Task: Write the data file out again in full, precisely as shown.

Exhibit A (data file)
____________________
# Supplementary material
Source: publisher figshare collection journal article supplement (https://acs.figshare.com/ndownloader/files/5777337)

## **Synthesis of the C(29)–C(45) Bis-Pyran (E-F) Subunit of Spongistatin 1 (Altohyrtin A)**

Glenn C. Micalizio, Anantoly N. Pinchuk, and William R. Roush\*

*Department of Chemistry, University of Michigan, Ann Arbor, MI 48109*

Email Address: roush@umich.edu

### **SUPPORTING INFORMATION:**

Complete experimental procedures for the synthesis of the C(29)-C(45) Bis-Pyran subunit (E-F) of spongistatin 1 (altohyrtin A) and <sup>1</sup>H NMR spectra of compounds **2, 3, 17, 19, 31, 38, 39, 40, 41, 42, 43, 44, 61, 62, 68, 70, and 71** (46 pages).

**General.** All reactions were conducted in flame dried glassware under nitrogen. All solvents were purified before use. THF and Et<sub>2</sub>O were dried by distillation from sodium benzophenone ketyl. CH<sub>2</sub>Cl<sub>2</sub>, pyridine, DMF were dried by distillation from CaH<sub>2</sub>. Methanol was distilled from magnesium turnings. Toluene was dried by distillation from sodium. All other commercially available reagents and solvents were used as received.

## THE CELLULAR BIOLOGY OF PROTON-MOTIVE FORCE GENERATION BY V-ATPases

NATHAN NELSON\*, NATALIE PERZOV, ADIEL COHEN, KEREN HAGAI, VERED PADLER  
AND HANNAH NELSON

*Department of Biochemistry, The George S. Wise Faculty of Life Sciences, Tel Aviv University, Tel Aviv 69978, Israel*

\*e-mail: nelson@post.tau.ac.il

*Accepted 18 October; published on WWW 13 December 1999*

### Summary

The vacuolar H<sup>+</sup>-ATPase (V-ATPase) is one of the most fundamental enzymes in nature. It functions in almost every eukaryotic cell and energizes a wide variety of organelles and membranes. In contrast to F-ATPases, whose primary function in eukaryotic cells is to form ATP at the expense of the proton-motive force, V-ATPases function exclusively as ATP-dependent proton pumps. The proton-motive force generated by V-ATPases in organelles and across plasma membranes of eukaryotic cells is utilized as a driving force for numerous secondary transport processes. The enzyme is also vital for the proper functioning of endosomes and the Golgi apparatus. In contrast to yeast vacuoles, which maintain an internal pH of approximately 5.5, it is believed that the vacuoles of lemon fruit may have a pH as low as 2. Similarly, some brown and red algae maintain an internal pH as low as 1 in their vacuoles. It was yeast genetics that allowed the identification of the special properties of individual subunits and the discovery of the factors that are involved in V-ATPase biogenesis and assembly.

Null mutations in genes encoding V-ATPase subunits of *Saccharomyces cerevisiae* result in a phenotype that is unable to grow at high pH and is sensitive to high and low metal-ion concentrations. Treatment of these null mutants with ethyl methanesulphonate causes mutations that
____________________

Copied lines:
# Supplementary material
Source: publisher figshare collection journal article supplement (https://acs.figshare.com/ndownloader/files/5777337)

## **Synthesis of the C(29)–C(45) Bis-Pyran (E-F) Subunit of Spongistatin 1 (Altohyrtin A)**

Glenn C. Micalizio, Anantoly N. Pinchuk, and William R. Roush\*

*Department of Chemistry, University of Michigan, Ann Arbor, MI 48109*

Email Address: roush@umich.edu

### **SUPPORTING INFORMATION:**

Complete experimental procedures for the synthesis of the C(29)-C(45) Bis-Pyran subunit (E-F) of spongistatin 1 (altohyrtin A) and <sup>1</sup>H NMR spectra of compounds **2, 3, 17, 19, 31, 38, 39, 40, 41, 42, 43, 44, 61, 62, 68, 70, and 71** (46 pages).

**General.** All reactions were conducted in flame dried glassware under nitrogen. All solvents were purified before use. THF and Et<sub>2</sub>O were dried by distillation from sodium benzophenone ketyl. CH<sub>2</sub>Cl<sub>2</sub>, pyridine, DMF were dried by distillation from CaH<sub>2</sub>. Methanol was distilled from magnesium turnings. Toluene was dried by distillation from sodium. All other commercially available reagents and solvents were used as received.

## THE CELLULAR BIOLOGY OF PROTON-MOTIVE FORCE GENERATION BY V-ATPases

NATHAN NELSON\*, NATALIE PERZOV, ADIEL COHEN, KEREN HAGAI, VERED PADLER  
AND HANNAH NELSON

*Department of Biochemistry, The George S. Wise Faculty of Life Sciences, Tel Aviv University, Tel Aviv 69978, Israel*

\*e-mail: nelson@post.tau.ac.il

*Accepted 18 October; published on WWW 13 December 1999*

### Summary

The vacuolar H<sup>+</sup>-ATPase (V-ATPase) is one of the most fundamental enzymes in nature. It functions in almost every eukaryotic cell and energizes a wide variety of organelles and membranes. In contrast to F-ATPases, whose primary function in eukaryotic cells is to form ATP at the expense of the proton-motive force, V-ATPases function exclusively as ATP-dependent proton pumps. The proton-motive force generated by V-ATPases in organelles and across plasma membranes of eukaryotic cells is utilized as a driving force for numerous secondary transport processes. The enzyme is also vital for the proper functioning of endosomes and the Golgi apparatus. In contrast to yeast vacuoles, which maintain an internal pH of approximately 5.5, it is believed that the vacuoles of lemon fruit may have a pH as low as 2. Similarly, some brown and red algae maintain an internal pH as low as 1 in their vacuoles. It was yeast genetics that allowed the identification of the special properties of individual subunits and the discovery of the factors that are involved in V-ATPase biogenesis and assembly.

Null mutations in genes encoding V-ATPase subunits of *Saccharomyces cerevisiae* result in a phenotype that is unable to grow at high pH and is sensitive to high and low metal-ion concentrations. Treatment of these null mutants with ethyl methanesulphonate causes mutations that